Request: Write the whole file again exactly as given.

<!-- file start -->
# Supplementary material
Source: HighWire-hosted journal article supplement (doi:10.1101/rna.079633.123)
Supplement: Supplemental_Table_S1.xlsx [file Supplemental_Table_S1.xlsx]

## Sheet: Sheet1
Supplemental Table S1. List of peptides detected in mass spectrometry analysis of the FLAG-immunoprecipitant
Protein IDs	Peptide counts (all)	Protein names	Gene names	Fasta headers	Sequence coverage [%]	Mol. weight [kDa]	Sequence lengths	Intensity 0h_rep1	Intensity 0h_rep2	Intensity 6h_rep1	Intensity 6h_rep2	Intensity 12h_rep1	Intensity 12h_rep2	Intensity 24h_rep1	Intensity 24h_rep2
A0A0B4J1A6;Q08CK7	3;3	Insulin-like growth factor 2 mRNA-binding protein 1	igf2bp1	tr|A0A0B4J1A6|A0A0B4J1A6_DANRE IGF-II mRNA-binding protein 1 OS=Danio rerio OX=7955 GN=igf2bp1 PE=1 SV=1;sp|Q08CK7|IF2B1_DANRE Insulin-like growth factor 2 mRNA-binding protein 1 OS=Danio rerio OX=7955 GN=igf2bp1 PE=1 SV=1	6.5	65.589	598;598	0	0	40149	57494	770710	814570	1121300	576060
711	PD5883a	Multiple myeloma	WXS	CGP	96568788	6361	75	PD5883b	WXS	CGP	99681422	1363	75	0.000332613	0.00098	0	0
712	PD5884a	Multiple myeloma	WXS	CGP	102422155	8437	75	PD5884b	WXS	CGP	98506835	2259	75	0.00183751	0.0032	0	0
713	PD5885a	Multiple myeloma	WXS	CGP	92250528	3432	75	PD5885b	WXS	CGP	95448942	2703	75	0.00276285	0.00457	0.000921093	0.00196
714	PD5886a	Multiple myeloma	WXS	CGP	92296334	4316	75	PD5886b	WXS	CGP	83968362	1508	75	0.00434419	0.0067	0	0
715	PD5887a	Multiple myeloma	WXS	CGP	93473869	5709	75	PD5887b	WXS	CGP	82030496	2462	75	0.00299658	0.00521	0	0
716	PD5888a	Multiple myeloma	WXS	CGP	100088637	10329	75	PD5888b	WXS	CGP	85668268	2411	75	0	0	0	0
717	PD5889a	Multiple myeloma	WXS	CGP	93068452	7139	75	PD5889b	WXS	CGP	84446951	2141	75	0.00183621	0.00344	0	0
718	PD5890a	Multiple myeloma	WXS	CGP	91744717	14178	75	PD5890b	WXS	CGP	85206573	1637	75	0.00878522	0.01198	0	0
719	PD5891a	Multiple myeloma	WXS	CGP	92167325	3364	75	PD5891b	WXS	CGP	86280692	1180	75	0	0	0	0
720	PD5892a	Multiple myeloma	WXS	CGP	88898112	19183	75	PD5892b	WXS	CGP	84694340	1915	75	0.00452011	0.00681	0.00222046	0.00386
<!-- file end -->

# Supplementary material
Source: HighWire-hosted journal article supplement (doi:10.1101/rna.079633.123)
Supplement: Supplemental_Table_S1.xlsx [file Supplemental_Table_S1.xlsx]

## Sheet: Sheet1
Supplemental Table S1. List of peptides detected in mass spectrometry analysis of the FLAG-immunoprecipitant
Protein IDs	Peptide counts (all)	Protein names	Gene names	Fasta headers	Sequence coverage [%]	Mol. weight [kDa]	Sequence lengths	Intensity 0h_rep1	Intensity 0h_rep2	Intensity 6h_rep1	Intensity 6h_rep2	Intensity 12h_rep1	Intensity 12h_rep2	Intensity 24h_rep1	Intensity 24h_rep2
A0A0B4J1A6;Q08CK7	3;3	Insulin-like growth factor 2 mRNA-binding protein 1	igf2bp1	tr|A0A0B4J1A6|A0A0B4J1A6_DANRE IGF-II mRNA-binding protein 1 OS=Danio rerio OX=7955 GN=igf2bp1 PE=1 SV=1;sp|Q08CK7|IF2B1_DANRE Insulin-like growth factor 2 mRNA-binding protein 1 OS=Danio rerio OX=7955 GN=igf2bp1 PE=1 SV=1	6.5	65.589	598;598	0	0	40149	57494	770710	814570	1121300	576060
711	PD5883a	Multiple myeloma	WXS	CGP	96568788	6361	75	PD5883b	WXS	CGP	99681422	1363	75	0.000332613	0.00098	0	0
712	PD5884a	Multiple myeloma	WXS	CGP	102422155	8437	75	PD5884b	WXS	CGP	98506835	2259	75	0.00183751	0.0032	0	0
713	PD5885a	Multiple myeloma	WXS	CGP	92250528	3432	75	PD5885b	WXS	CGP	95448942	2703	75	0.00276285	0.00457	0.000921093	0.00196
714	PD5886a	Multiple myeloma	WXS	CGP	92296334	4316	75	PD5886b	WXS	CGP	83968362	1508	75	0.00434419	0.0067	0	0
715	PD5887a	Multiple myeloma	WXS	CGP	93473869	5709	75	PD5887b	WXS	CGP	82030496	2462	75	0.00299658	0.00521	0	0
716	PD5888a	Multiple myeloma	WXS	CGP	100088637	10329	75	PD5888b	WXS	CGP	85668268	2411	75	0	0	0	0
717	PD5889a	Multiple myeloma	WXS	CGP	93068452	7139	75	PD5889b	WXS	CGP	84446951	2141	75	0.00183621	0.00344	0	0
718	PD5890a	Multiple myeloma	WXS	CGP	91744717	14178	75	PD5890b	WXS	CGP	85206573	1637	75	0.00878522	0.01198	0	0
719	PD5891a	Multiple myeloma	WXS	CGP	92167325	3364	75	PD5891b	WXS	CGP	86280692	1180	75	0	0	0	0
720	PD5892a	Multiple myeloma	WXS	CGP	88898112	19183	75	PD5892b	WXS	CGP	84694340	1915	75	0.00452011	0.00681	0.00222046	0.00386